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It used to be that when you walked down the beach all you could feel was the sand and water between your toes, maybe a shell or two.

These days, when you go to the beach, you won’t only find sand and shells.  You’ll find trash, and a lot of it.

Five years ago we set out to change this, launching a monthly beach cleanup program with Coastal Playground, every second Saturday of the month, at Huntington State Beach.

Early on June 11, 340 individuals of all ages gathered, armed with gloves, reusable bags, and trash pickers, ready to hunt, with trash as their prey.

Over a span of two hours, they removed over 264 pounds of trash from a quarter mile stretch of beach, filling 11 trash bags with items such as microplastics, cigarette butts, and bottle caps. Through the completion of 56 cleanups, our volunteers have collected a whopping 10,118 pounds of trash.

Andrew Sneddon (owner of Coastal Playground) and I high-fived in congratulations after weighing the heavy black bags with fish scales, announcing the success of achieving a 10,000-pound milestone of trash removed from Huntington State Beach. As the volunteers cheered, celebrating their accomplishment, we reminded them that while removing 10,000 pounds of trash from our beach is worth celebrating, the real milestone lies in the strides made in community involvement and environmental education.

Five years and 10,118 pounds later, we are nowhere near done yet. The problem of pollution remains; the mass of trash collected at these cleanups is nothing in comparison to the amount that currently litters our creeks, rivers, and beaches.

With eight million metric tons of plastic entering our oceans every year, of which 60-80 percent originates from land based sources, our favorite play spaces including rivers, creeks, and beaches are becoming the face of our pollution problems. Not only is this debris an eyesore, they endanger our community members, wildlife, fragile ecosystems and economy.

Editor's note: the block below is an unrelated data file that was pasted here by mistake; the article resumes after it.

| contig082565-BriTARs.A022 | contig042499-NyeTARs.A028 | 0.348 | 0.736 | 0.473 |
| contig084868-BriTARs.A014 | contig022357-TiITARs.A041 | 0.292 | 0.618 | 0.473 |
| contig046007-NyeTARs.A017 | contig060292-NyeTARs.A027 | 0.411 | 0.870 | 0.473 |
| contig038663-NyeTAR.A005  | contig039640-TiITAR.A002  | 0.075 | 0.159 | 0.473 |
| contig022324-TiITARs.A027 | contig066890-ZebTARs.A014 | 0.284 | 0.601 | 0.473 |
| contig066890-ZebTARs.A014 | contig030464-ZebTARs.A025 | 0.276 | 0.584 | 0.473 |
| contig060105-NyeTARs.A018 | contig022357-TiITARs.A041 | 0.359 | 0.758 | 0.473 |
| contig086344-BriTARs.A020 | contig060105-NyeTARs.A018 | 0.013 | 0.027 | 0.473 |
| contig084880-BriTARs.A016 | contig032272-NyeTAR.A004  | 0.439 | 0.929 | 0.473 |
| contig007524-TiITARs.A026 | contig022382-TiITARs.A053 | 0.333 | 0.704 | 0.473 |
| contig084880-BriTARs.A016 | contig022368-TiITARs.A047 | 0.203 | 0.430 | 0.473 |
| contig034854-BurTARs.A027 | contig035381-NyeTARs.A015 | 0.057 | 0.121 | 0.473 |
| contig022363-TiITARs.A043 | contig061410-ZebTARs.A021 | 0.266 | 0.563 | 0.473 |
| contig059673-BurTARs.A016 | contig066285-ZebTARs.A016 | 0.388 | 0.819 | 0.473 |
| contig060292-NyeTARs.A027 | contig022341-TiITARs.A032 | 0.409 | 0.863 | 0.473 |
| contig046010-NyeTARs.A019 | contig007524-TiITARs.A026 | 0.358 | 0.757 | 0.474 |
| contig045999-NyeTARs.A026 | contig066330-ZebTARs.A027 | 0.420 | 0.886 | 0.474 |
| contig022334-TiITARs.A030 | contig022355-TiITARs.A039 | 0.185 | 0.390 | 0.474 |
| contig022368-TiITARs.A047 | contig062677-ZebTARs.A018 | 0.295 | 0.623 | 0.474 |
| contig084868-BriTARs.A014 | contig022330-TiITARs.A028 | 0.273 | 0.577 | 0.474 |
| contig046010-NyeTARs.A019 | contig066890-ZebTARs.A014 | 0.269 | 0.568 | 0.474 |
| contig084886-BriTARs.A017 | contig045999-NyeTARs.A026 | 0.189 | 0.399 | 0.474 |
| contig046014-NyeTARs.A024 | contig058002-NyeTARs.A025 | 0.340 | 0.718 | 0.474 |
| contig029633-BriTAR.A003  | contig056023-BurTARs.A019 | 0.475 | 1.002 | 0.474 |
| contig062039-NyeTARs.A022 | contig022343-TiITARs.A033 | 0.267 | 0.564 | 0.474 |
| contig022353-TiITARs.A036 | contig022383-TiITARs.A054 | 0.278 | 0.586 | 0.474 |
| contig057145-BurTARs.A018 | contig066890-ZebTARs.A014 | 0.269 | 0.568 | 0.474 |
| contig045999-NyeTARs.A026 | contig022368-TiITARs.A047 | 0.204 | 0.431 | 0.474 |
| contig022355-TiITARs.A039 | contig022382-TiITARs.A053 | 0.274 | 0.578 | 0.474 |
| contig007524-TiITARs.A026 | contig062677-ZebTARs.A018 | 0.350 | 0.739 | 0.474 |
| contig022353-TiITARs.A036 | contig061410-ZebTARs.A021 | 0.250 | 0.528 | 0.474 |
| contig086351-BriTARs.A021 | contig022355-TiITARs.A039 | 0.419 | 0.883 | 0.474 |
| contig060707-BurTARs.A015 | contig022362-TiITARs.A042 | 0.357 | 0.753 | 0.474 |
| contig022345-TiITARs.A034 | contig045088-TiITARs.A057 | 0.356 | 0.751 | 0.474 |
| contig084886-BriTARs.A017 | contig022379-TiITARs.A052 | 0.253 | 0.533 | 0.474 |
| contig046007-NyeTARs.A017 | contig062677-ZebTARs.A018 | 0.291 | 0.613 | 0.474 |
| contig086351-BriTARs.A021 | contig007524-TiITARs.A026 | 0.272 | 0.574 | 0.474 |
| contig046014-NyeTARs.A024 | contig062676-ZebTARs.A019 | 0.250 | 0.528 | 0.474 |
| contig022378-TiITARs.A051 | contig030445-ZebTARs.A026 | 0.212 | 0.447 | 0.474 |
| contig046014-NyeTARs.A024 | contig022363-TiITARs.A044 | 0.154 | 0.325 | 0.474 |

However, no effort is too small, these cleanups act as an extremely powerful educational tool for the Orange County Community. It is amazing the difference you can make when 340 people work together towards a common goal, but if every person in Orange County gave two hours of their time once a month to protect their home, we could do great things.

We strive to make all cleanup events a powerful and positive learning experience that leaves volunteers feeling empowered and inspired to make a difference. Many volunteers are previously unaware of the pollution problems that exist and how they impact the local environment. By removing debris, participants get an up close view of the local pollution problem.  They see how simple actions can directly improve their local environment and are more likely to reduce, reuse and recycle, as well as, support pollution reduction policies.

Through this program, we aim to create a community of ‘Coastkeepers’ who are educated about environmental issues and are dedicated to ensuring our coastal resources remain intact for future generations.

With few natural places left, teaching residents and visitors how their choices can impact the local environment and how to enjoy them responsibly is crucial to protecting and preserving our favorite creeks and beaches. We also invite local businesses to sponsor our beach cleanups, during the June cleanup Slyde Handboards helped protect their favorite beaches by donating $1 per pound of trash we picked up.

In addition to the Monthly Beach Cleanups, the Cleanup OC program includes the annual Orange County Coastal Cleanup Day, creek cleanups and corporate cleanups. We are currently planning to add two more monthly beach cleanups to our calendars in San Clemente and Seal Beach. Come find us next month at Tower #2 on July 9!